Tuesday, 25 June 2013

One of My Best creations

It is 2 years since I moved into the house that I now live in. My husband and I have renovated 4 other houses over many years and seen nearly all the mistakes that can be made, and the money that can be drained into making dreams based on chasing desires dictated by clever marketing.
This house is different. It was a house planned for an unpredictable future while at the same time trying to make the most of everything that was available to it. We combined all of the aspects of our lives together that we have most cherished, and incorporated them with scientific data about future climate as best we could envisage, to make something that is uniquely us. We trimmed and compromised our wishes, and while the building work went on with all its hassles I dreamed of the places I would sit and wonder in the garden.

It was at worst a terrifying experience, after the initial euphoria of committing to it and there were many dark moments when our control of the project was in the hands of a Dr Jekyll builder, who at times broke our hearts with his callous and shoddy interpretations of our design.
When the builders left 2 years ago our house was sitting in this.

Our excitement about moving into our new home and starting a new chapter in our lives was being shattered on a daily basis and the builder's parting gesture of leaving us with 2 tonnes of rubble and a skip full of building junk was nearly the last straw. We had lived in a dodgy brothers rental that we had had to sandbag for 2 years, put our beloved dog
 into an adoption program and then had to move one more time for 8 weeks into my old childhood home which had been empty and decaying for a year. To add insult to injury when we finally moved, the heating and stove were not connected for another 3 weeks in the middle of winter. Our bodies sucked up all the stress and continued to feed it back to us for the next few months.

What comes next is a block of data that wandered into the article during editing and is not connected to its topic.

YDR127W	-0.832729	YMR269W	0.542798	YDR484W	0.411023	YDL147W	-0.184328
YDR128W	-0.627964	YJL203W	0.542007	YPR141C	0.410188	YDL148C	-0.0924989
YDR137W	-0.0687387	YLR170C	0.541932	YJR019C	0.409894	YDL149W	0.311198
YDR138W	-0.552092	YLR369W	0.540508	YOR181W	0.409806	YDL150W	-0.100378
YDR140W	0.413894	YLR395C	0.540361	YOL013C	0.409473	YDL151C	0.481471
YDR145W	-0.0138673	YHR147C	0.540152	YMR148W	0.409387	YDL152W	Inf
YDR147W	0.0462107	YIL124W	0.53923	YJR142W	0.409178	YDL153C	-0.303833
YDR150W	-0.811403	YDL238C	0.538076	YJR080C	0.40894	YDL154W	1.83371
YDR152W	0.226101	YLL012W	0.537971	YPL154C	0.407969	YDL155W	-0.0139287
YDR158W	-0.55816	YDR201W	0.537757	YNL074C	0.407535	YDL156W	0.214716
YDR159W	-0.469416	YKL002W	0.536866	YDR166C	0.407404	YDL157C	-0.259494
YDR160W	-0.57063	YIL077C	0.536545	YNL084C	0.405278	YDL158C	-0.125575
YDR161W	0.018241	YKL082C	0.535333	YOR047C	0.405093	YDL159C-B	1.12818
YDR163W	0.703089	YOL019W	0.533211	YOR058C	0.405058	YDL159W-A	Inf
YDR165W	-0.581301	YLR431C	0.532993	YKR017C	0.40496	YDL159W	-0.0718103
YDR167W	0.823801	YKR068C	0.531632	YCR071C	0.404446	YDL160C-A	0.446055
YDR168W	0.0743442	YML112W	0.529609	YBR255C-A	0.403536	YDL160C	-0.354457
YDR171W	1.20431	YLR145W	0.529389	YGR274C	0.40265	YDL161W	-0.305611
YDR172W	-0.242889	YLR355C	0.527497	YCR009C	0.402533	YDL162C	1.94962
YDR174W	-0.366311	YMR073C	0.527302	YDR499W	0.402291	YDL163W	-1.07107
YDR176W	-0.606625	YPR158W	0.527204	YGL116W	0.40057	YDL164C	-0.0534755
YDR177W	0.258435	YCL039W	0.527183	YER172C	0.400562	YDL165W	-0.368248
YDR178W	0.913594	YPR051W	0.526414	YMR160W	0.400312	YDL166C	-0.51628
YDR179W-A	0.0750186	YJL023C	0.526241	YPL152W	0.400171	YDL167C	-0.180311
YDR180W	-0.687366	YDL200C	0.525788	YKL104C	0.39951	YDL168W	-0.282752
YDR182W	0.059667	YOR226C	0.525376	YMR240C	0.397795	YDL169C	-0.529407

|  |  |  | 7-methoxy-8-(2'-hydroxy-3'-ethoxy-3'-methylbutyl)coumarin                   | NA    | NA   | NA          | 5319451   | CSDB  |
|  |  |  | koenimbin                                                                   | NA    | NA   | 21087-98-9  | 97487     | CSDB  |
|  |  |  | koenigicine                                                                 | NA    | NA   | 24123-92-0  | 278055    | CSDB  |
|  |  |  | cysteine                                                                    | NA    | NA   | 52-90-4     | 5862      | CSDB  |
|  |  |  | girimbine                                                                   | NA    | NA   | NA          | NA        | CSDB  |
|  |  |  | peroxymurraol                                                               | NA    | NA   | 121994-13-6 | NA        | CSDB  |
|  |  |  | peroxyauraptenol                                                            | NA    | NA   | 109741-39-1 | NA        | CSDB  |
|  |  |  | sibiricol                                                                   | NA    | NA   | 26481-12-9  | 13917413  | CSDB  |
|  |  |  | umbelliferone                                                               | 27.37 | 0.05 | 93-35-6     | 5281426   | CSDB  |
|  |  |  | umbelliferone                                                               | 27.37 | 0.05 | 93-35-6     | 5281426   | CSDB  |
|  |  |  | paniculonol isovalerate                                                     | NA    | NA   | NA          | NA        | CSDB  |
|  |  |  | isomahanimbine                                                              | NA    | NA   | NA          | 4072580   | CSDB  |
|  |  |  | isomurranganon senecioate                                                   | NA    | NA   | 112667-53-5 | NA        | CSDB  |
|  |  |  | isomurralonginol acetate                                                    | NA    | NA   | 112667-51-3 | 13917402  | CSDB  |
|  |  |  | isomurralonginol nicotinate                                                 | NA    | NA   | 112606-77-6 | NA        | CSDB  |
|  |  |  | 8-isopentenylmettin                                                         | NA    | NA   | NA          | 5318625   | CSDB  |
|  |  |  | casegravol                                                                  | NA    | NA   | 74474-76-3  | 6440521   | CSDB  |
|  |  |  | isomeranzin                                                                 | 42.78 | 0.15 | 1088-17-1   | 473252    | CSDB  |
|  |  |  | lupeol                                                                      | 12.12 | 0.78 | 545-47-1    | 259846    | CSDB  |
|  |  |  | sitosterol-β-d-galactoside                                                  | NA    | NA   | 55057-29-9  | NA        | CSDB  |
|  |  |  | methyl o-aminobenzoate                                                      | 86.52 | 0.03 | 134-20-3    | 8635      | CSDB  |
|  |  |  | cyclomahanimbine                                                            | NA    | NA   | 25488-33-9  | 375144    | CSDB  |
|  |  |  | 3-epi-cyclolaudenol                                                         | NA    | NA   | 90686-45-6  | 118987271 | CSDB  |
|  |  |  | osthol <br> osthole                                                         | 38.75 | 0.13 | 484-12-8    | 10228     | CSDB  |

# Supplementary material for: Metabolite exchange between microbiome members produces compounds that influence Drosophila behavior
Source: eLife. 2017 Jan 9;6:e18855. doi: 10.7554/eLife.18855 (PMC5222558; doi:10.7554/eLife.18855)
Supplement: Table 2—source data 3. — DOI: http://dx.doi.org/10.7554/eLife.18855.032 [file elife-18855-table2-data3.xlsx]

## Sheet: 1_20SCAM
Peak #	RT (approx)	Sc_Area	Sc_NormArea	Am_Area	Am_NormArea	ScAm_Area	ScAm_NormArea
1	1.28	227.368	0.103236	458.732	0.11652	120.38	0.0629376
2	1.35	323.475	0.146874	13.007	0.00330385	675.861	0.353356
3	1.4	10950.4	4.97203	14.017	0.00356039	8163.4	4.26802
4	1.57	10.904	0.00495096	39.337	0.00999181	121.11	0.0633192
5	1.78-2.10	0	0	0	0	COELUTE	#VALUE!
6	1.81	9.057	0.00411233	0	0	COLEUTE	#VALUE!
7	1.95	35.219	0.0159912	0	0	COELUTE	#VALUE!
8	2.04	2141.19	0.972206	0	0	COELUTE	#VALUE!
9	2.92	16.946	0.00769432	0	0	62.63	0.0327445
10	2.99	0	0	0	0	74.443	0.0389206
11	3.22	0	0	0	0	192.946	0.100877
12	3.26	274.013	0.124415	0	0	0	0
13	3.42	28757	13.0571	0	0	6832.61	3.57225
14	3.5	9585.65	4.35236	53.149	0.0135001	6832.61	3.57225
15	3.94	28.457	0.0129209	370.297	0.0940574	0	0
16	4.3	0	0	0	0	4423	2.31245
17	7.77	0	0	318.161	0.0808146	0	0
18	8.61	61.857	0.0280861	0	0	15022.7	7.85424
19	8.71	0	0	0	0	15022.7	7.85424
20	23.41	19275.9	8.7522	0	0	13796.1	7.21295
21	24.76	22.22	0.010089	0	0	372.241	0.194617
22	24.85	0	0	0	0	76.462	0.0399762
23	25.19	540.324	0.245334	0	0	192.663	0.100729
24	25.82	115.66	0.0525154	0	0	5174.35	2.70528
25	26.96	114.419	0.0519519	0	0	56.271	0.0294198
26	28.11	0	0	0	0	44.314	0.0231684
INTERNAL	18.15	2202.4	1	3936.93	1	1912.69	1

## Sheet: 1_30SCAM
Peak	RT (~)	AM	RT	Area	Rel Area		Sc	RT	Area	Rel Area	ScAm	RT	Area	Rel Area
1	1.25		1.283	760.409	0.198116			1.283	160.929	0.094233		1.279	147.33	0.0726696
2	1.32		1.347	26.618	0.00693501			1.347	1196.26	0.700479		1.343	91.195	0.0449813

The garden saved me.
Having a project that was big and unbelievably physical and so exposed to passing public, was a catharsis. After lugging and digging and bending for 8 hours a day for 3 solid weeks of freezing weather in order to create the skeleton framework for the garden, I had no choice but to sleep at night.
I met passersby who were cynical about our strange new building. I met xenophobes who couldn't bear to see their neighbourhood changing. I met endless dogwalkers and encouraging gardeners, and I gradually insinuated myself into my new space. As much as possible of the building rubbish and packaging has been built into shaping garden edges and mounds and I am constantly finding new ways to rehabilitate another part of the garden. The previous garden was loved and owned by one owner and I promised her when we bought the block that I would try to preserve as much as possible or to plant another garden of beauty. Many of the first plants came from her plants which I rescued before building began. We have kept the 60 year old fig tree, a flowering gum, a callistemon plus a Tangelo and Valencia orange tree as well as smaller old fashioned shrubs.  Other plants came from my childhood home along with hundreds of tiny tubes of plantlets which looked painfully insignificant to begin with.
2 years on I have lived off food from 52 different plants in my garden. I have rehabilitated a filthy abused building site into a sanctuary for birds, frogs and small critters, and I always have something in my garden to offer to visitors which is something I really love to share.

I love listening to passing children on their way to school or the park, wishing they could live at my place and explore it. It freaked me out at one time to have people stop and photograph the house and garden (even at midnight), but now I get a bit of a giggle to see aspects of our house copied around the place and I can happily suck up the compliments from  passing admirers. 
The best part of creating a garden is that it is an evolving and interactive work of art. You can predict sizes of plants and recognise the conditions which will help them to thrive but they will change and respond to one another and the climate in ways that we humans are too fallible to predict. If I have estimated correctly many of these plants will continue to contribute benefits to the heating and cooling of our home in years to come. I have played computer games like Sim City and other simulated organic developmental programs but no digital experience is a substitute for this real life.